IP ownership in the academic sector: a new perspective

A recent decision by Justice French of the Federal Court that the University of Western Australia (UWA) had no claim to certain intellectual property created by Professor Bruce Gray has provoked heated debate over the ownership of patents in the university and research community (University of Western Australia v Gray (No 20) [2008] FCA 498). UWA has sought leave to appeal the decision. However, regardless of the outcome of the appeal, the case raises many important issues for commercialisation in the academic sector.

The technology in question was the use of microspheres to target a radioactive payload to kill liver cancer cells, while sparing normal liver tissue. The microspheres, which deliver “selective internal radiation”, became known as SIR spheres and are now successfully marketed by Sirtex Medical Ltd, which floated on the Australian Stock Exchange in 2000.

UWA sued Gray and Sirtex, seeking ownership rights in the intellectual property. During the case, more than 20 years of evidence from the commencement of Gray’s appointment at UWA as professor of surgery in 1985 to the development and commercialisation of the cancer therapy was examined.

No assignment agreements existed between UWA and Gray or Sirtex - therefore, the court initially looked to the University of Western Australia Act 1911, the Patents Act 1990 and common law decisions to see if they were relevant to the transfer of ownership in the intellectual property.

The UWA Act defines how statutes and regulations can be made by UWA. Notably, the UWA Act stipulates that a new regulation can come into force only from the date when it is promulgated. Although there was much discussion during the case about the date of promulgation of the IP regulations, this was ultimately futile in light of the judge’s decision that UWA could not acquire ownership of intellectual property purely through its statutes and regulations. The regulations provided a procedure “to enable the orderly identification” of intellectual property; however, the judge found that the regulations alone were insufficient to acquire or transfer IP ownership from employees to the university.

Similarly, the Patents Act 1990 includes no mechanism for an employer to attain ownership of an employee’s inventions. Therefore, the judge reviewed previous court decisions in Australia and around the world. He concluded that, in the absence of an assignment agreement to the contrary, an employer would generally own inventions made by employees during the course of their employment.

So, did Gray make inventions “during the course of his employment”? If so, the prevailing common law would say that UWA had a valid claim to ownership. Gray and the various members of his team were employed under contracts which included obligations to teach, undertake research and stimulate research among staff and students. The judge was of the opinion that, even though inventions could reasonably be expected to arise from research, a duty to research does not equate to a duty to invent. This notion was particularly raised in reference to the university academic environment where the concept of ‘academic freedom’ involves the free exchange of results, and commercialisation is a by-product. Gray’s results were published, patients were treated with new techniques and the entire research focus was on getting better results when treating those patients. Thus, the court concluded that this environment was inconsistent with the secrecy required for patenting inventions.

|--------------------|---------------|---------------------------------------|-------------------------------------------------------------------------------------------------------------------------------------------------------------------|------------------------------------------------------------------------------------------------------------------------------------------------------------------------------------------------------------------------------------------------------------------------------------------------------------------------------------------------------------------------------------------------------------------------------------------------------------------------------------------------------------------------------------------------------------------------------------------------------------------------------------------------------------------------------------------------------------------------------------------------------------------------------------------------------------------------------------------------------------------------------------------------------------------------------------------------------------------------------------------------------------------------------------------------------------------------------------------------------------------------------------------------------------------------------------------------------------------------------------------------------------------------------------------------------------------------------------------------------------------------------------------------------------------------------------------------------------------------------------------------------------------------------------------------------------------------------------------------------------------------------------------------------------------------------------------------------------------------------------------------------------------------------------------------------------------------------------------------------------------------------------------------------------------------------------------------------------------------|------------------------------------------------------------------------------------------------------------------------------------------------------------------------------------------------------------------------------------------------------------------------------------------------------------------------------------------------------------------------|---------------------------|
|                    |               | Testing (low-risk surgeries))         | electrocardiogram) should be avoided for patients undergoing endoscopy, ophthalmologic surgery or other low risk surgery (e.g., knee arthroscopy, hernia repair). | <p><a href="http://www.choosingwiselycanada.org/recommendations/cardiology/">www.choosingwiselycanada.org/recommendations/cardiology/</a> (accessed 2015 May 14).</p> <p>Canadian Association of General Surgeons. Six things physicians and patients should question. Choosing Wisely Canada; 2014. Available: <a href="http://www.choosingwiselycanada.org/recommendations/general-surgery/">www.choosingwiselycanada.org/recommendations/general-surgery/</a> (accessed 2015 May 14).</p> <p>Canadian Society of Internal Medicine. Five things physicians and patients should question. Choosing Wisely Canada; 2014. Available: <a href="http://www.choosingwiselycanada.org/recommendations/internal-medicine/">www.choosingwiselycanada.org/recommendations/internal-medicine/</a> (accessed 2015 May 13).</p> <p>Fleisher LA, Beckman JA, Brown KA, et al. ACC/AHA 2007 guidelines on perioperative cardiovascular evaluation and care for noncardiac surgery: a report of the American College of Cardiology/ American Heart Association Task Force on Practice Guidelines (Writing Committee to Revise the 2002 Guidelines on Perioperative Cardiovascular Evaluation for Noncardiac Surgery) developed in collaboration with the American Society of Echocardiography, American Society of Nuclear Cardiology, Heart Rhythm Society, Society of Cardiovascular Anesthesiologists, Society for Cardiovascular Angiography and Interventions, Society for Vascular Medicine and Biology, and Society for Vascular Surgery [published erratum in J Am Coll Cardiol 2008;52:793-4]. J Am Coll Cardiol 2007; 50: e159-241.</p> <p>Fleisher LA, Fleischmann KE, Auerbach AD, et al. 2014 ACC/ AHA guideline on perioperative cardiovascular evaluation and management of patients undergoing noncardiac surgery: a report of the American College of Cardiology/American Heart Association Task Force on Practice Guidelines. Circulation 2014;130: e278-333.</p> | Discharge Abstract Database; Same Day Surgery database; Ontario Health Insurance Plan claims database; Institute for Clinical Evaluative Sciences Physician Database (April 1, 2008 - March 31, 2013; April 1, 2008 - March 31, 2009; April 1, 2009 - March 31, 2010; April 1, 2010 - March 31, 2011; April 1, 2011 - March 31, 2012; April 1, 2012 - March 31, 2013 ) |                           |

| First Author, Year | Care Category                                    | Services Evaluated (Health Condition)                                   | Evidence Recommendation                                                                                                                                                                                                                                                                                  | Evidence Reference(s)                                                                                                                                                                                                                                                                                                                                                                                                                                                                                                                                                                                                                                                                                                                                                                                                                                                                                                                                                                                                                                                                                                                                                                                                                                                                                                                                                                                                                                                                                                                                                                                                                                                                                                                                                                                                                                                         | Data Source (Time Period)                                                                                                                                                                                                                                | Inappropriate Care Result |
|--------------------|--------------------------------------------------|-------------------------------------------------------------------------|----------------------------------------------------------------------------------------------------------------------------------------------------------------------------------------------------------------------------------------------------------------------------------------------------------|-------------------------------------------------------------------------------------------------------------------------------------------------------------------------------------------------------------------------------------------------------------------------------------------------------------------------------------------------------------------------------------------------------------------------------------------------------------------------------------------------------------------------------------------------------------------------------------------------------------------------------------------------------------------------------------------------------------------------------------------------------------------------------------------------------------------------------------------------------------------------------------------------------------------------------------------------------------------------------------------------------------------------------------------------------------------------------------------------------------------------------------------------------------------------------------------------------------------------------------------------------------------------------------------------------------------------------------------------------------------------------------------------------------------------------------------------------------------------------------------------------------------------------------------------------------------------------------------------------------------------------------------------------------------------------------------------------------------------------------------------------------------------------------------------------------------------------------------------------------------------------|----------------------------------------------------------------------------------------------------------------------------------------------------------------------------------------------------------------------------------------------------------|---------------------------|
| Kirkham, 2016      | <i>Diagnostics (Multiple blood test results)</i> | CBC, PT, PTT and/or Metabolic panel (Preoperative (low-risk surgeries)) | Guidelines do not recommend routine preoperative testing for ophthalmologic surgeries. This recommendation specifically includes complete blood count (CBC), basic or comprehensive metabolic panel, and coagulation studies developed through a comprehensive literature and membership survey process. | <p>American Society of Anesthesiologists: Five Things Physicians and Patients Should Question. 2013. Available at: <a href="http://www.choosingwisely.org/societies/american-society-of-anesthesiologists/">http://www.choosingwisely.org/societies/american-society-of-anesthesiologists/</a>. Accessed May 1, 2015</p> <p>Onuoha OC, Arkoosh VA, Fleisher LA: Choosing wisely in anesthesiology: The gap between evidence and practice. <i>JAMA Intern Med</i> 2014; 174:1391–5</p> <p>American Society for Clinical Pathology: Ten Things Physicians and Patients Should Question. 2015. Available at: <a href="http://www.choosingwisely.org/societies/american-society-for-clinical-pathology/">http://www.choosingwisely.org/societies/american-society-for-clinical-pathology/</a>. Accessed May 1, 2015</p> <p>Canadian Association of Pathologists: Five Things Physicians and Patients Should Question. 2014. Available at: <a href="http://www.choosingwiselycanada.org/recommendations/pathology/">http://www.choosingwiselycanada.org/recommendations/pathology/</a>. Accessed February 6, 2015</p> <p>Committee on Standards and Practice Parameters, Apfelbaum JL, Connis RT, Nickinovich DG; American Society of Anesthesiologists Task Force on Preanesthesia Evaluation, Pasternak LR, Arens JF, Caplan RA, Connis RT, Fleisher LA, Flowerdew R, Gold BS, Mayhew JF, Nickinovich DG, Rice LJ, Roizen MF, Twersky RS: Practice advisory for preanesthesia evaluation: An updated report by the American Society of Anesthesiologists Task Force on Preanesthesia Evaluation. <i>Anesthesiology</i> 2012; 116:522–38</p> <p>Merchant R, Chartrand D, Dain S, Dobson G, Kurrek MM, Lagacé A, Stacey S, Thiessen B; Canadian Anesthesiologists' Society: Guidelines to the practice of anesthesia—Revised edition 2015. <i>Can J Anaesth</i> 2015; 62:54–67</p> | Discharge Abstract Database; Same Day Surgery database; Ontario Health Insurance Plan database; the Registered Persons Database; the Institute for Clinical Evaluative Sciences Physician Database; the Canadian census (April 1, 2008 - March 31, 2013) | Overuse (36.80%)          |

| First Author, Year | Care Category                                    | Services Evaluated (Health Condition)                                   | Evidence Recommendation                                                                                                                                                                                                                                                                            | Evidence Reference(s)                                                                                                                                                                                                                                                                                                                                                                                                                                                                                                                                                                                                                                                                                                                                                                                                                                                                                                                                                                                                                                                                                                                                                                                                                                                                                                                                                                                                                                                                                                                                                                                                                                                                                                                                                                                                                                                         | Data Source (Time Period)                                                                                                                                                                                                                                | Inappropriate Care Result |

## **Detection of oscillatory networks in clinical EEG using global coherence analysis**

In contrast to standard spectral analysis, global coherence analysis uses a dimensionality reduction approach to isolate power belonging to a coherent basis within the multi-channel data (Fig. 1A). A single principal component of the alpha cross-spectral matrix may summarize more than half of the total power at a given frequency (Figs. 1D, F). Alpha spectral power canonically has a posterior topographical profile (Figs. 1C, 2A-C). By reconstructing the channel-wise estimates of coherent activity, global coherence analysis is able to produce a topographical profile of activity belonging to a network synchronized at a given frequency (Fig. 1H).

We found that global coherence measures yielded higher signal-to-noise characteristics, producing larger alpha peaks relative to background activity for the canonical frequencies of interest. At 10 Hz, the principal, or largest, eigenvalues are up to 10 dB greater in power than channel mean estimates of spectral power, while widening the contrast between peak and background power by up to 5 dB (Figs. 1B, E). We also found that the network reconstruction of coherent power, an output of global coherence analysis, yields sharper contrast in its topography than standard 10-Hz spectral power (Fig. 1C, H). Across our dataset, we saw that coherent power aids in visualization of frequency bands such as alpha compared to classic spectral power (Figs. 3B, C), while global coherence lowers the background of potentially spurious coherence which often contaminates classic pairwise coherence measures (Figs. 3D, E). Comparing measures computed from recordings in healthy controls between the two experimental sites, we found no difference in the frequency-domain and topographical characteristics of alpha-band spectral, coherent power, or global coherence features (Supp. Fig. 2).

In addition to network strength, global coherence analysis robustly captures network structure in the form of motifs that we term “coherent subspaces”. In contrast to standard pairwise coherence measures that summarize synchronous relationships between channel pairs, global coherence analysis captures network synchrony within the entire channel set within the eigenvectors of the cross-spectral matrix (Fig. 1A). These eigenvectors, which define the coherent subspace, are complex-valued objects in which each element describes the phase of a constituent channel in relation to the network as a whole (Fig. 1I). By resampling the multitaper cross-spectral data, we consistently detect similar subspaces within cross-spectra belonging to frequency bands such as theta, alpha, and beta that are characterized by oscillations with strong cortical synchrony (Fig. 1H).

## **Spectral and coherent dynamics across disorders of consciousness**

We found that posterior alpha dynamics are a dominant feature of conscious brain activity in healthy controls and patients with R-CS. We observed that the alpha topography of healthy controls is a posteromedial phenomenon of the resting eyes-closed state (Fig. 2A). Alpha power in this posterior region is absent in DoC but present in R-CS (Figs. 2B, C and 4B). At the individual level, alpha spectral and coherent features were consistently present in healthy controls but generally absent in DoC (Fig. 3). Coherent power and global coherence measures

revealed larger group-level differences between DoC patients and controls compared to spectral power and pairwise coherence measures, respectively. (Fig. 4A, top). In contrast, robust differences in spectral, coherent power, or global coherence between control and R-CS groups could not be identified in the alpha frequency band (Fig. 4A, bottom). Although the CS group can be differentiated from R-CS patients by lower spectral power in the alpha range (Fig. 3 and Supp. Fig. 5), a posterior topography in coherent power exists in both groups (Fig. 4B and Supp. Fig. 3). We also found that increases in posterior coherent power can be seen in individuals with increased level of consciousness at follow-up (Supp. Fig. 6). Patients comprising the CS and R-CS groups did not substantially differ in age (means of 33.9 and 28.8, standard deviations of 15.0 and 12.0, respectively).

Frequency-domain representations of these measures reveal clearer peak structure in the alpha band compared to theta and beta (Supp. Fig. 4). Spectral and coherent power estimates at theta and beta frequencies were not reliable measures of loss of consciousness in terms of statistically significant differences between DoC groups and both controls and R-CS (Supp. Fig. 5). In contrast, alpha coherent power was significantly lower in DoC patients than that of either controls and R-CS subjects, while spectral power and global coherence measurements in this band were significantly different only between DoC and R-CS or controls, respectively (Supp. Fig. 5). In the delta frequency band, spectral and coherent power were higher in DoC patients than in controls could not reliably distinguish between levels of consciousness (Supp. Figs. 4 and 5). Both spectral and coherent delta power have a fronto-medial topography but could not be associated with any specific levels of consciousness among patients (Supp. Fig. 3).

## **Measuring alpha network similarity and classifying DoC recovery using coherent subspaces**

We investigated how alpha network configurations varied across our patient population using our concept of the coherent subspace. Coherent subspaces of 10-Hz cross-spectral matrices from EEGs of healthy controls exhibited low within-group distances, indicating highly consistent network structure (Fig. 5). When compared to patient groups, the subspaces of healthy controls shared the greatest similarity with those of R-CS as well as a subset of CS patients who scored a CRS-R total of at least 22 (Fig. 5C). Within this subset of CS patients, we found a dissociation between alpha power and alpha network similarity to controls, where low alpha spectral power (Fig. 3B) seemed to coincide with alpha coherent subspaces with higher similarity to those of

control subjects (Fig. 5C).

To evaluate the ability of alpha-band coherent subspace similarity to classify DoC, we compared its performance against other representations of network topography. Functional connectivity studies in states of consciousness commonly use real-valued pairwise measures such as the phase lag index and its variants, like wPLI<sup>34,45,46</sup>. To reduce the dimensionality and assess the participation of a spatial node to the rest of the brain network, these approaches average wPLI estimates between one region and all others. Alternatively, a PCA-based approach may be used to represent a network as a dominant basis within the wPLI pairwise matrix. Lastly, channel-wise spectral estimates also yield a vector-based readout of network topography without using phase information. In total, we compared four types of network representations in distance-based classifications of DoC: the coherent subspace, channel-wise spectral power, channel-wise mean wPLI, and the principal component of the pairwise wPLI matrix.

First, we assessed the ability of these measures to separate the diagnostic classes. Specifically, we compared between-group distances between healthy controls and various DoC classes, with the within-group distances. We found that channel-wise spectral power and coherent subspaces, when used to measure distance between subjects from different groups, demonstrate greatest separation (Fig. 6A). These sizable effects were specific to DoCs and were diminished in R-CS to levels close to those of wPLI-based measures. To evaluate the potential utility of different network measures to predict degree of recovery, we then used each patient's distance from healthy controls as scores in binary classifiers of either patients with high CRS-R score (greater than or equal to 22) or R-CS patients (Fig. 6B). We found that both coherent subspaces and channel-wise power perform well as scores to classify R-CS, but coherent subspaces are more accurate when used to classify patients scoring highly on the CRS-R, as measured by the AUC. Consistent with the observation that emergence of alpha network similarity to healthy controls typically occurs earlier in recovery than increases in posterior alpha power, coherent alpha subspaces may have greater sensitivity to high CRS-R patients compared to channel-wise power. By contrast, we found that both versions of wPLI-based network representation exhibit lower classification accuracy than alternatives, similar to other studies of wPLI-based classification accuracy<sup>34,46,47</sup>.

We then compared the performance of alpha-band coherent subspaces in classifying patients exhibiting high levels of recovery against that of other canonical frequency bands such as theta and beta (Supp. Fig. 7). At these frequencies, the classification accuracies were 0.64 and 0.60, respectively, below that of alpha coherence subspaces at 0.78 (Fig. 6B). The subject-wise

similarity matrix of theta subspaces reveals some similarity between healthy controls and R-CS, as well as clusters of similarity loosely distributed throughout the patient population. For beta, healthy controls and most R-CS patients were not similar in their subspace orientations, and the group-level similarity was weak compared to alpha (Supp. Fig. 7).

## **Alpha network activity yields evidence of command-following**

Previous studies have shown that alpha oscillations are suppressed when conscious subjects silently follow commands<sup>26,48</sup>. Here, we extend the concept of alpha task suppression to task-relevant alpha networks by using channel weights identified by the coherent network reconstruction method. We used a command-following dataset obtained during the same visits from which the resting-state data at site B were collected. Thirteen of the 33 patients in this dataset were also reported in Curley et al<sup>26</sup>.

The judge stated that he did “not consider as a general proposition that there is a presumption at law that the university will be entitled to the rights of inventions developed by such [academic] staff in the course of their research” and that Gray “had no duty to invent anything”. Even if there had been an explicit statement in the contract of employment that inventions made during the course of employment belonged to the university, this would not have been enough. Ultimately, it appeared that the “evidence was insufficient to establish that the inventive concept… was developed by Dr Gray while he was an employee or in the course of his employment at UWA”.

The decision may cause some alarm among the university community and prompt a review of university legislation, regulations and employment contracts. The case underscores the importance of ongoing vigilance in creating and maintaining processes for rigorous intellectual asset management in the academic sector.

A final take-home message from the judge:

“[U]niversities might well consider the alternative of deriving benefits from inventions produced by their staff by offering highly competent and experienced commercialisation services in exchange for a negotiated interest in the relevant intellectual property.

This article first appeared in BioTechnologyNews.net.

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